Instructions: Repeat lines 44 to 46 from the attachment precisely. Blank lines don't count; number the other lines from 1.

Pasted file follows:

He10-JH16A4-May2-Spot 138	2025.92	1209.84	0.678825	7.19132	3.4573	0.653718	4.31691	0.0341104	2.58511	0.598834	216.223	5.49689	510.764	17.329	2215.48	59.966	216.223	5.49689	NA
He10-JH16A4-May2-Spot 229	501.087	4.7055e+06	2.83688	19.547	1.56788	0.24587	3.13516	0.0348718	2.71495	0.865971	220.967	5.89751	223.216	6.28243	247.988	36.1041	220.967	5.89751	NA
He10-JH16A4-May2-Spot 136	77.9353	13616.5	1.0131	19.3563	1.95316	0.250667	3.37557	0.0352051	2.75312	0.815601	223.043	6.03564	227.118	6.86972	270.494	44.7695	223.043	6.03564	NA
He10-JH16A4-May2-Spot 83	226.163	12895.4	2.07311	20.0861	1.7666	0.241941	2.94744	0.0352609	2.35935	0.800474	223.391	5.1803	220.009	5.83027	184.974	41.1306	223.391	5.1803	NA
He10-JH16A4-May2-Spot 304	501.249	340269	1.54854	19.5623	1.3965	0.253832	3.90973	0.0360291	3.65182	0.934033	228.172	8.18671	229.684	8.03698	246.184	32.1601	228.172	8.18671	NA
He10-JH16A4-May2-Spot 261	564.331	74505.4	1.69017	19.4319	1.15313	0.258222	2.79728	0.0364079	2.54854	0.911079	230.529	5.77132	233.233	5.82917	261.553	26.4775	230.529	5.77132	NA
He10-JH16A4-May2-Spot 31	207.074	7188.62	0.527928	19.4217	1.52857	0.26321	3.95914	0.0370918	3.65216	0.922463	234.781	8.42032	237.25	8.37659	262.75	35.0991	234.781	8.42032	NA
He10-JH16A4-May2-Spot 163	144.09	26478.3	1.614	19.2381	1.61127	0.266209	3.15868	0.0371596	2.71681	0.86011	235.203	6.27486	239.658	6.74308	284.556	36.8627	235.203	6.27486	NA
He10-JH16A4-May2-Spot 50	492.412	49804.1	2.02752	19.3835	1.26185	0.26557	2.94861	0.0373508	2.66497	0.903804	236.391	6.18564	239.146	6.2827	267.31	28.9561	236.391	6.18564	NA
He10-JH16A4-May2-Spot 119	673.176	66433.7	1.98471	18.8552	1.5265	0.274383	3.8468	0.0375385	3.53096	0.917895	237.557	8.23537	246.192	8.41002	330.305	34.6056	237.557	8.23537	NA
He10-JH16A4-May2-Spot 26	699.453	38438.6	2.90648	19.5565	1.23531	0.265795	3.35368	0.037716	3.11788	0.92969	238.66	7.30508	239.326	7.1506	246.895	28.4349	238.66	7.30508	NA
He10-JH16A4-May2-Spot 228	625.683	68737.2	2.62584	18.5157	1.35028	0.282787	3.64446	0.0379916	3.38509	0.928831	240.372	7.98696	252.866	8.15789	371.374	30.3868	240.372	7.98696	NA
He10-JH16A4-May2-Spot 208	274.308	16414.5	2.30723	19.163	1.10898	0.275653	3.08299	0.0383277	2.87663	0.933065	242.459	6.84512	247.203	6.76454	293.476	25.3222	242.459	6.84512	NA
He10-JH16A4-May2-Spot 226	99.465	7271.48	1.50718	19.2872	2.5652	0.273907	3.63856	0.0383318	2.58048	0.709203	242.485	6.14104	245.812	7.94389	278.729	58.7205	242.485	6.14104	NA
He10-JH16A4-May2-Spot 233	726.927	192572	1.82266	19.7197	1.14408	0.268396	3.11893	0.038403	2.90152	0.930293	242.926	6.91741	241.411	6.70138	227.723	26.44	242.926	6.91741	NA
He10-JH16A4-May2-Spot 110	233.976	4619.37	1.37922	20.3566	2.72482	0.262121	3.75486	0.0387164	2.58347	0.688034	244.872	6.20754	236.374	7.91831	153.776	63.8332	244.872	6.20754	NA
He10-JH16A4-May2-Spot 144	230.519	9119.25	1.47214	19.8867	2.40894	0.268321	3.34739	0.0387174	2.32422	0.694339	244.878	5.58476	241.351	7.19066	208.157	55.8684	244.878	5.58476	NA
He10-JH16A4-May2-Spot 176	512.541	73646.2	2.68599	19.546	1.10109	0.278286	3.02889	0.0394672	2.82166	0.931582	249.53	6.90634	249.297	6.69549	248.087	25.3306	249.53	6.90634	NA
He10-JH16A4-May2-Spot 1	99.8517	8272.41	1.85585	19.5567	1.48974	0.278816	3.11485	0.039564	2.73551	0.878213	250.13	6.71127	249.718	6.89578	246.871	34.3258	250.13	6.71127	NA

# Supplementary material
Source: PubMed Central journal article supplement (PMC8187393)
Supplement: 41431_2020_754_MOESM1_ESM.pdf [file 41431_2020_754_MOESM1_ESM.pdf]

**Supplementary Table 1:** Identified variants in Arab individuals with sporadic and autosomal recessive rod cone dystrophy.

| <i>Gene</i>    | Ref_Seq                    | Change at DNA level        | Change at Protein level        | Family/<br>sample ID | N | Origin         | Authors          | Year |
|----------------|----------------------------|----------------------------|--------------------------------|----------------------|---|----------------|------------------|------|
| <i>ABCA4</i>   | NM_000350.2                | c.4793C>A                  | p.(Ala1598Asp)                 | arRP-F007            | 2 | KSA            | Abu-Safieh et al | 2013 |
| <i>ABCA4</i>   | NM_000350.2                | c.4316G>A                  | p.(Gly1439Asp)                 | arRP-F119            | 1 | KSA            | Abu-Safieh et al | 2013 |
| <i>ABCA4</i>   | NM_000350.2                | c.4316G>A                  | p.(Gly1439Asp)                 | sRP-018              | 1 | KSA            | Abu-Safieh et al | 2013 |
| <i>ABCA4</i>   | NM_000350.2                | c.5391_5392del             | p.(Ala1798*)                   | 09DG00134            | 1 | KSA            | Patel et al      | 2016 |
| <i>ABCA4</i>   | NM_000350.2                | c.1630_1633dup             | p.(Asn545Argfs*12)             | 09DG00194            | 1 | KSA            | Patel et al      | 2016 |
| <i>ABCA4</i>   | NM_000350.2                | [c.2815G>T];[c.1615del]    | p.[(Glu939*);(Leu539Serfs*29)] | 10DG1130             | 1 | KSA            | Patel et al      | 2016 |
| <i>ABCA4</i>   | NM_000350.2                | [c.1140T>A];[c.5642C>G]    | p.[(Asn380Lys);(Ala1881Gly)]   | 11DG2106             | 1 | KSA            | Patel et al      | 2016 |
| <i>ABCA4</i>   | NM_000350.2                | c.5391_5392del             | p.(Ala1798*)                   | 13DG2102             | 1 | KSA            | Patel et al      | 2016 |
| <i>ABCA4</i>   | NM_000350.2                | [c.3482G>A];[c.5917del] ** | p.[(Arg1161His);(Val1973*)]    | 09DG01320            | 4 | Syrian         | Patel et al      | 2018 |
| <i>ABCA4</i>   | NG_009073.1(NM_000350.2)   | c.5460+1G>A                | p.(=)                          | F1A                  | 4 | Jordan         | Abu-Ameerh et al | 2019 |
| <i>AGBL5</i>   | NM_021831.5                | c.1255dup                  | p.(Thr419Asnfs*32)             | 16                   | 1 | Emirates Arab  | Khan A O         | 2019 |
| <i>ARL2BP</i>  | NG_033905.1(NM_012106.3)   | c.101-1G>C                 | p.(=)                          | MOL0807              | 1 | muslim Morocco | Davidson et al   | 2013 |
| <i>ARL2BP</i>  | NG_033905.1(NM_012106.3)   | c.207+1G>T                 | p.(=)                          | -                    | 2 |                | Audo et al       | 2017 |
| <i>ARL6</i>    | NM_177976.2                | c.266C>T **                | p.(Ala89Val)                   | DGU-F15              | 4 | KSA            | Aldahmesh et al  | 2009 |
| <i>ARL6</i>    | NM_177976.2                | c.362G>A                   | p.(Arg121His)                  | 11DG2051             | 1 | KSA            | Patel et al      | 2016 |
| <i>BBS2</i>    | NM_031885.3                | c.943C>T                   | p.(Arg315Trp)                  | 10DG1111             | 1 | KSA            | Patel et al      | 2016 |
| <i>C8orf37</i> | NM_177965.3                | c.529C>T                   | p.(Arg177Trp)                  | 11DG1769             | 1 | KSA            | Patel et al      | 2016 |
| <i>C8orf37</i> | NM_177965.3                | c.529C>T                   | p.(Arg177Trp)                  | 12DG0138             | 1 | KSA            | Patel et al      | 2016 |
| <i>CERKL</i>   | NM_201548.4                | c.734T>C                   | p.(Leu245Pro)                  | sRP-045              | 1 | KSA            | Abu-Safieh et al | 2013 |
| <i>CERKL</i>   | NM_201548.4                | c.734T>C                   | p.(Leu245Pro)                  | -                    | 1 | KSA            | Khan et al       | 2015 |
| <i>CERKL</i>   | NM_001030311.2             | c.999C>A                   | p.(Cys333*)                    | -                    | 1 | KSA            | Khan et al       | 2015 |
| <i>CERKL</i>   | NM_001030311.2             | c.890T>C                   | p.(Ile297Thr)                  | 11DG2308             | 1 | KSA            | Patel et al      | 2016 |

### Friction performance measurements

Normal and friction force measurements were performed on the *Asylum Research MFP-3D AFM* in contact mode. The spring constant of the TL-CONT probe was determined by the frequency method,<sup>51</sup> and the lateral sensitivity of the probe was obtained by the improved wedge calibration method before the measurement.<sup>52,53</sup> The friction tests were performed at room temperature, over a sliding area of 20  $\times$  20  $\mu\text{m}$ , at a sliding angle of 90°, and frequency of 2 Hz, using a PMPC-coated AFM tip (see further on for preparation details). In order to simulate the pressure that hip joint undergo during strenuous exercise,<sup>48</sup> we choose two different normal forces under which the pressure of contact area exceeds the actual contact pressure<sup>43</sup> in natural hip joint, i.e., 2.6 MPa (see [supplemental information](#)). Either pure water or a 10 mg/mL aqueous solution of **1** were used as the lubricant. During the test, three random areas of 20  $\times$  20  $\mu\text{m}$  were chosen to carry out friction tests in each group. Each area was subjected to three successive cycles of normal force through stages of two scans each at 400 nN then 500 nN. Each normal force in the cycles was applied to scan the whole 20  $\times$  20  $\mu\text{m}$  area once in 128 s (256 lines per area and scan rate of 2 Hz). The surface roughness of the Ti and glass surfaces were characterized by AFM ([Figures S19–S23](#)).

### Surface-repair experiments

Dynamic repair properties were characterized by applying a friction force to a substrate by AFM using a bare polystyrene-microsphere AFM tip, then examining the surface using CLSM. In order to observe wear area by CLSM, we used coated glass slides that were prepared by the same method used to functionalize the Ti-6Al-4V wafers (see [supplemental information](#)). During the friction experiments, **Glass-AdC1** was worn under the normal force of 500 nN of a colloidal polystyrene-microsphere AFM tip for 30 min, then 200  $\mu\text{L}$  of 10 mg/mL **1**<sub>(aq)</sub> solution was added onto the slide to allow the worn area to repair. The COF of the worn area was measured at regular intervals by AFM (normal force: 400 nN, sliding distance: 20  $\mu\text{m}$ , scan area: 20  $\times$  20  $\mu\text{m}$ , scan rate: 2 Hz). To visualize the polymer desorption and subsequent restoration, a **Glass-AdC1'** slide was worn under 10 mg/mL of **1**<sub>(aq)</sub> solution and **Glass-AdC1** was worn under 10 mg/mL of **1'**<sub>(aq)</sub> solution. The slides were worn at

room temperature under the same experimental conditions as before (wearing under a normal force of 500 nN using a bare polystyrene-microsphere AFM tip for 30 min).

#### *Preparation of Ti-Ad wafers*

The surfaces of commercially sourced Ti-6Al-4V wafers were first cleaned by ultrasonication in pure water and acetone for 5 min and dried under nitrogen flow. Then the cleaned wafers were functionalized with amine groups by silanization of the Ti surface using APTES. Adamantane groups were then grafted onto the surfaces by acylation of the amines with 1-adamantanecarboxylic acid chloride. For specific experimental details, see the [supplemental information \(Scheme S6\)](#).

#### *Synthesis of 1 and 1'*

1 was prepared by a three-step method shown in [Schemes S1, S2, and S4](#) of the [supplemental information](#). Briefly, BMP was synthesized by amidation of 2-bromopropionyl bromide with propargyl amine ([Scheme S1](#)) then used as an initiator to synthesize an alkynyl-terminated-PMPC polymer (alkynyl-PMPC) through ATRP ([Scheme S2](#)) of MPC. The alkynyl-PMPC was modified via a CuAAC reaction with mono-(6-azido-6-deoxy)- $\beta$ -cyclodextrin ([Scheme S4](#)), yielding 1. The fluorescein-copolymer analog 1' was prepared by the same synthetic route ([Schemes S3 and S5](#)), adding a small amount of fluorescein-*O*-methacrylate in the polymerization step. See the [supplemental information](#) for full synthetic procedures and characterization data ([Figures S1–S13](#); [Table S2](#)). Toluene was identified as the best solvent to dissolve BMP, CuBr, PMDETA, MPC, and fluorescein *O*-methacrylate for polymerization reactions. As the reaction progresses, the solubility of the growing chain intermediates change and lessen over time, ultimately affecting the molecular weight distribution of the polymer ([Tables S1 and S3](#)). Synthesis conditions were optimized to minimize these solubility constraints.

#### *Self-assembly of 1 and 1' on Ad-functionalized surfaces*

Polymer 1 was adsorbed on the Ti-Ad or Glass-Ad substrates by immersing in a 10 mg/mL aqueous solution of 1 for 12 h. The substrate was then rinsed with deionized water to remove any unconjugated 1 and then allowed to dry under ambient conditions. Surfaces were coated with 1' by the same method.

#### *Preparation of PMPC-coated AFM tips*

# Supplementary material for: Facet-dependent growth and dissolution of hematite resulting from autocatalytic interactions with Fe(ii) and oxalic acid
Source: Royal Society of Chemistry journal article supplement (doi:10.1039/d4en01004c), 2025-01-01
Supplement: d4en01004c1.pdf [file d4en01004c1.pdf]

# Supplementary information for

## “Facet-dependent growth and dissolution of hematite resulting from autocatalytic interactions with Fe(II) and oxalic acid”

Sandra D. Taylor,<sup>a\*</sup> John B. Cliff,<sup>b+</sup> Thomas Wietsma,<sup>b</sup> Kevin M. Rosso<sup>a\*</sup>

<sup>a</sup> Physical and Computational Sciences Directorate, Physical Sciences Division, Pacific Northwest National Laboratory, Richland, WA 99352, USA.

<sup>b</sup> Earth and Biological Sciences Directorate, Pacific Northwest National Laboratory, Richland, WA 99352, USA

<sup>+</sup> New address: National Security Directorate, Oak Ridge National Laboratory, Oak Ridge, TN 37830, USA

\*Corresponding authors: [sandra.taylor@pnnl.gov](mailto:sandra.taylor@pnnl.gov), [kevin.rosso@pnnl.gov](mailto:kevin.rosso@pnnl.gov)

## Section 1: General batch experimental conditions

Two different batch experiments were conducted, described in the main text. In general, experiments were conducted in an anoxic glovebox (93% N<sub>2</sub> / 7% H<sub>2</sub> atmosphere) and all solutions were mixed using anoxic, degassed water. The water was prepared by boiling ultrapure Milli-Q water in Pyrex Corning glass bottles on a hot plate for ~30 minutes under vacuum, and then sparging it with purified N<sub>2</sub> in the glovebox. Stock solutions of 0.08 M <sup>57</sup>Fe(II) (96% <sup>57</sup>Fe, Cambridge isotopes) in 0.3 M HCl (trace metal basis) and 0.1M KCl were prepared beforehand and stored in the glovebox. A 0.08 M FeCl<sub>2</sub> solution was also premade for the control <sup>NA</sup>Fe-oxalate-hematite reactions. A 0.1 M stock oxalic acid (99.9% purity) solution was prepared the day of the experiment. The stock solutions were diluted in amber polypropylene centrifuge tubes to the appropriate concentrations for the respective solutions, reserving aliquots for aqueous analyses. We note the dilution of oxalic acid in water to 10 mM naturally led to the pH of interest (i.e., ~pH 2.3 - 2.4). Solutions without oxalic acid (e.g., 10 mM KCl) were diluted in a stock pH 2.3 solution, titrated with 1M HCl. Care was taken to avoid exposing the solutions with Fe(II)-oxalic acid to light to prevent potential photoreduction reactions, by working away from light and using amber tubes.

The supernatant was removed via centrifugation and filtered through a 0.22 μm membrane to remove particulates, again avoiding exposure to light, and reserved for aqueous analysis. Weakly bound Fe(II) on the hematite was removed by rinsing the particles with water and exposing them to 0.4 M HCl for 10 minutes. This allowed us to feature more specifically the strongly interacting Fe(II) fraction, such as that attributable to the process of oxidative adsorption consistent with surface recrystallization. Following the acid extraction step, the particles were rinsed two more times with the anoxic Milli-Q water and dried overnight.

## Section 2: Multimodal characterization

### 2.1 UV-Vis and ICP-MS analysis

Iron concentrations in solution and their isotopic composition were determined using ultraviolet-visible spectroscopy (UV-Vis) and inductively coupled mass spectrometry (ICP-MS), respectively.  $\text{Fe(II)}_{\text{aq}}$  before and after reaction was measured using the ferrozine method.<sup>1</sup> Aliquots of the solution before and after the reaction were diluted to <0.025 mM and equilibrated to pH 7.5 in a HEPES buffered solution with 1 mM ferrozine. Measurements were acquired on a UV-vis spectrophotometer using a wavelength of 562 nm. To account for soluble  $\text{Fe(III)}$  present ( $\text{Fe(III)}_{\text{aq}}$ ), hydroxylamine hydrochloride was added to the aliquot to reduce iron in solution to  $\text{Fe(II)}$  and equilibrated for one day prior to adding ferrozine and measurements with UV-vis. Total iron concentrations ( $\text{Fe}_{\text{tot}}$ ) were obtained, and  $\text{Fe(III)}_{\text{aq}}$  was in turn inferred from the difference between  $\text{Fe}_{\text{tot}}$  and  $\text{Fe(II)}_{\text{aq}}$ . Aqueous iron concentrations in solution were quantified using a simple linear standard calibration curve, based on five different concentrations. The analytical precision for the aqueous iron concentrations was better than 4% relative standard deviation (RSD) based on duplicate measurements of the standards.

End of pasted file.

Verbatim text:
| <i>CERKL</i>   | NM_201548.4                | c.734T>C                   | p.(Leu245Pro)                  | sRP-045              | 1 | KSA            | Abu-Safieh et al | 2013 |
| <i>CERKL</i>   | NM_201548.4                | c.734T>C                   | p.(Leu245Pro)                  | -                    | 1 | KSA            | Khan et al       | 2015 |
| <i>CERKL</i>   | NM_001030311.2             | c.999C>A                   | p.(Cys333*)                    | -                    | 1 | KSA            | Khan et al       | 2015 |